I believe that SPARQL/OWL is an important deliverable for this WG. The SPARQL community sees somewhat of a divide between those using SPARQL purely to query RDF graphs, and those using SPARQL in conjunction with richer semantics. The original SPARQL effort acknowledged this by providing a mechanism to define extensions that would define basic graph pattern matching for entailment regimes other than simple entailment. This extension mechanism is key to enabling groups other than the SPARQL working group (whether formal or informal groups) to define how SPARQL queries behave in the presence of other semantic regimes. But the extension mechanism has never been formally tested, and it seems to be prudent to test it (a) under the auspices of the SPARQL WG, so that the results may feed back into the SPARQL BGP extension specification itself and (b) in the context of OWL semantics, probably the most popular richer entailment regime that currently exists. There are numerous implementations that implement SPARQL/OWL already, though likely not in an interoperable fashion. And in the personage of Bijan Parsia, the SPARQL WG has the expertise and energy necessary to properly specify the SPARQL/OWL basic graph pattern matching extension. SPARQL/OWL received minimal support in the survey, but seemed to have a somewhat warmer reception in the discussion on the April 28 teleconference.

I believe that property paths is an important deliverable for the WG as it enables variable-length path queries for SPARQL developers. It has significant support within the WG, and it also enables most cases of the accessing RDF lists proposed feature.

I believe that Surface syntax and Function library represent reasonable maintenance tasks for the WG to examine, time-permitting. Accepting surface syntax as a time-permitting feature gives the WG an opportunity to examine capabilities of the SPARQL language that are particularly onerous to use and to consider specialized syntax for these features. Accepting function library allows the WG to consider extending the core set of functions available when moving between SPARQL implementations to include things like basic string or mathematic operations.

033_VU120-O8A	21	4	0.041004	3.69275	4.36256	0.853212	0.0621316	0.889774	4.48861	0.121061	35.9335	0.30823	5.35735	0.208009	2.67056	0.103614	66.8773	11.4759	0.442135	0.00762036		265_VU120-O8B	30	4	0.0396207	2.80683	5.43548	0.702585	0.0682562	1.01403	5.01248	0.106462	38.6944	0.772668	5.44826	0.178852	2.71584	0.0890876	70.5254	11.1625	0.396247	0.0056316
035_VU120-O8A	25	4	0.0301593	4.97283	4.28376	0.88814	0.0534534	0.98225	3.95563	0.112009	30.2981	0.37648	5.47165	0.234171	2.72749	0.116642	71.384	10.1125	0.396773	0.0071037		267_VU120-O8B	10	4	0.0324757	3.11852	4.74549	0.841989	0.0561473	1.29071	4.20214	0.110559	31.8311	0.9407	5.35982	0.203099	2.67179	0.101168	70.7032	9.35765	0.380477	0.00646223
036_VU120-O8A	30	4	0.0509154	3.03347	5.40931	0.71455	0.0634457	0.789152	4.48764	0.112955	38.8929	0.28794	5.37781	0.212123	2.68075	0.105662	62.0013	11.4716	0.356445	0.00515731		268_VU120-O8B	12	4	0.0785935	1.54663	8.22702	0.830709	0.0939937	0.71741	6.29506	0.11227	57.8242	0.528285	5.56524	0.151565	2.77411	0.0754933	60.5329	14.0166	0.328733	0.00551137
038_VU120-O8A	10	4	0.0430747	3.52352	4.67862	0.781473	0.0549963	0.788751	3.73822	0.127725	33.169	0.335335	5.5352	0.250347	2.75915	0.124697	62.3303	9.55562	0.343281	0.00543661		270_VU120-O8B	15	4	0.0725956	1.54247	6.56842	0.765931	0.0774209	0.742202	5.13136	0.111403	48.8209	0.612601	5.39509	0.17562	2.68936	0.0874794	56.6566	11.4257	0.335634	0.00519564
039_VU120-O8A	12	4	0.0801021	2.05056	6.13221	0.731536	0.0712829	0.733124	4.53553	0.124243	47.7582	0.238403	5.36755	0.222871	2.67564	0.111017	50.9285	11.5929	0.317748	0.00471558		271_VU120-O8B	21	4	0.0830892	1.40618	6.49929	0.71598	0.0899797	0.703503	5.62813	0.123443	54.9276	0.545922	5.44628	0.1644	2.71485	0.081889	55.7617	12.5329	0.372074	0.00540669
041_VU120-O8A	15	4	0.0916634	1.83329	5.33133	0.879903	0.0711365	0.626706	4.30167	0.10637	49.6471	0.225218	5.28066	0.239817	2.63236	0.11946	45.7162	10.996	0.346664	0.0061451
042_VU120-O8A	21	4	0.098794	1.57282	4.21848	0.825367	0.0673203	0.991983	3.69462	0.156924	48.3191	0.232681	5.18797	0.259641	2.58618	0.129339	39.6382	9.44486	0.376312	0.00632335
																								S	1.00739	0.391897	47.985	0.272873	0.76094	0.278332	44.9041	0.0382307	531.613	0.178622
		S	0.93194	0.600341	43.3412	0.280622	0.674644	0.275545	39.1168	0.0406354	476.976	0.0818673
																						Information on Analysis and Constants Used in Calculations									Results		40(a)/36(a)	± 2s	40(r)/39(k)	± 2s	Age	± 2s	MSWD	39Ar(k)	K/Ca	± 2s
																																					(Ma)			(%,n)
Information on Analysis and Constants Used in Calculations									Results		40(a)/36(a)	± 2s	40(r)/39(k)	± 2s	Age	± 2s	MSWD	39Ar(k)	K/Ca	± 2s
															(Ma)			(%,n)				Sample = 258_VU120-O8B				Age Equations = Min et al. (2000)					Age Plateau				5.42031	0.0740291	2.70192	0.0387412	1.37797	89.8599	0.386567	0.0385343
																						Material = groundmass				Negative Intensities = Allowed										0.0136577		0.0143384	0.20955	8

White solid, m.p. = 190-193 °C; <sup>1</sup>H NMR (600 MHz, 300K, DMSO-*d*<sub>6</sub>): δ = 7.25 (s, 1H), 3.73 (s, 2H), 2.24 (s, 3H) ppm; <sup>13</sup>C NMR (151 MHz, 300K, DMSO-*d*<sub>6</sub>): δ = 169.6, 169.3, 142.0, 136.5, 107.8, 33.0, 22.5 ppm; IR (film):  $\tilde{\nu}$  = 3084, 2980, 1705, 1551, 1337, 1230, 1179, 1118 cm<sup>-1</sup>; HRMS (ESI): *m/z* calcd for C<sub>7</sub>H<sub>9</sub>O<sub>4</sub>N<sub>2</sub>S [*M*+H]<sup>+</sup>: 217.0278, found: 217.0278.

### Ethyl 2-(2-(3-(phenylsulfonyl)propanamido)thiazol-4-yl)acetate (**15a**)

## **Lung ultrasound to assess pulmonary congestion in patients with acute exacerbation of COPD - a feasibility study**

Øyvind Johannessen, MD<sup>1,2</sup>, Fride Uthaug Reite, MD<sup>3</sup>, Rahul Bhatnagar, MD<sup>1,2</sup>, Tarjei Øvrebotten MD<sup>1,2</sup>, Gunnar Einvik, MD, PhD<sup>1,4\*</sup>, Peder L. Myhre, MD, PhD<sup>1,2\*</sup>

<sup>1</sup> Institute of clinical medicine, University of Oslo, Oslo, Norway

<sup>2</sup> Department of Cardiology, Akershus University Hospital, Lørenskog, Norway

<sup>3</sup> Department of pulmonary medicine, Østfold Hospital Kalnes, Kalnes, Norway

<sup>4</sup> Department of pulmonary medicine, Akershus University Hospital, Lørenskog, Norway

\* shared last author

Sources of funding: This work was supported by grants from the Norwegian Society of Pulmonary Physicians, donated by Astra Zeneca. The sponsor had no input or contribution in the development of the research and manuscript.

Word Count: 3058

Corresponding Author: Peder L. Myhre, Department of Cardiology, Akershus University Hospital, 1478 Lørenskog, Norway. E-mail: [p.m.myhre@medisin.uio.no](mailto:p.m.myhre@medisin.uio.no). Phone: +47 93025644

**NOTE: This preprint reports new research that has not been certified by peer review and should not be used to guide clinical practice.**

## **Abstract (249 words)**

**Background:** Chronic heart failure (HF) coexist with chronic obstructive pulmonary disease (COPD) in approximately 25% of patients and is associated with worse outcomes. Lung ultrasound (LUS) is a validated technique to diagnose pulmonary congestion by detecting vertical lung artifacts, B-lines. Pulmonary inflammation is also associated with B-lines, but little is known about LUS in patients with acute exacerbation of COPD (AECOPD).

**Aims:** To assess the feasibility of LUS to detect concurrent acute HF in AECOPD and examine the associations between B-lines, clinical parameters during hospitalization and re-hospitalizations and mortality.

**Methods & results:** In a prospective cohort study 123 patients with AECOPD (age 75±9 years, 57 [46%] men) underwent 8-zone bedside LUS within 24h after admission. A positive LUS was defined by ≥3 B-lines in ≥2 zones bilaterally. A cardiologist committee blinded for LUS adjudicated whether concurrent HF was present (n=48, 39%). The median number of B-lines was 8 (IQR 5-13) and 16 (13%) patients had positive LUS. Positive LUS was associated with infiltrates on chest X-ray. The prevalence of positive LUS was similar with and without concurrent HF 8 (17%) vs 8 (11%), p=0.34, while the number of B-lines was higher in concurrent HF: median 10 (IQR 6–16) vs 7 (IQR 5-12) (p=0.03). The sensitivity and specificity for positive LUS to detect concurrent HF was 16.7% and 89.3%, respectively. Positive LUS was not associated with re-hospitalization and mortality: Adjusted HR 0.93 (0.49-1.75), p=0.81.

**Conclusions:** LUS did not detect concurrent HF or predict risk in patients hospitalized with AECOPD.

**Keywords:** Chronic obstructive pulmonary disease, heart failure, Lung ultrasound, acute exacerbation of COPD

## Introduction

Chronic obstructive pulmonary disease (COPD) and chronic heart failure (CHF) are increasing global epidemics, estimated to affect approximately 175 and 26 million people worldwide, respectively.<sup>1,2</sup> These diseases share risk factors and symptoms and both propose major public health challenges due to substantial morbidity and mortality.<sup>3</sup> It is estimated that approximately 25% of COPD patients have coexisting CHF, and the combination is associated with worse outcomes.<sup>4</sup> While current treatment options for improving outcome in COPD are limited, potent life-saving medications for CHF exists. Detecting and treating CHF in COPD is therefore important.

Finally, I believe the WG should deliver a specification for basic federated query, time-permitting. Federated query is implemented in a variety of forms in several implementations, and the feature received significant support in the survey (6 organizations including it amongst their top six choices). I believe that looking at a design for basic federated query is important for the growing Linked Data community, and the time is ripe to standardize on basic federated query as a way to encourage implementations to explore more and more sophisticated approaches to federated query.

This proposal leaves out many good features, and I'd be remiss not to address several specific ones.

  • Negation. The survey indicated strong support for providing a simpler form of asking negative queries than the current OPTIONAL/!bound construct. I've excluded this from my proposal under the hope that the design for subqueries may obviate the need for this feature.
  • Full text. The survey indicated strong support for standardizing the syntax and semantics for full text search in SPARQL. While I believe that this is one of the top interoperability stumbling blocks for SPARQL, the wide-open design space (both for syntax and semantics) of the problem worries me.
  • Parameterized inference. The survey indicated support from a small number of organizations for parameterized inference. The discussion during the April 28 teleconference made clear to me that some members of the WG see a need both to define what it means to query other entailment regimes (a la SPARQL/OWL) and also how to go about doing that on a query-by-query basis. The latter is what parameterized inference is about. I have omitted parameterized inference from my proposal because of the lack of existing implementations/designs to draw on, coupled with the fact that service descriptions provide an out-of-band way for endpoints to indicate the entailment regime or rulesets that they service. I recognize that this does not fully address the use case of on-demand rulesets, but I believe that this would be better served via a SPARQL protocol feature, and I do not see any mature designs yet in this space to draw upon. I believe that (1) standardizing on the semantics of SPARQL/OWL and (2) the increasing maturity and deployment of RIF, will encourage SPARQL implementations to begin to explore this space more and make this an appropriate feature for a future round of standardization.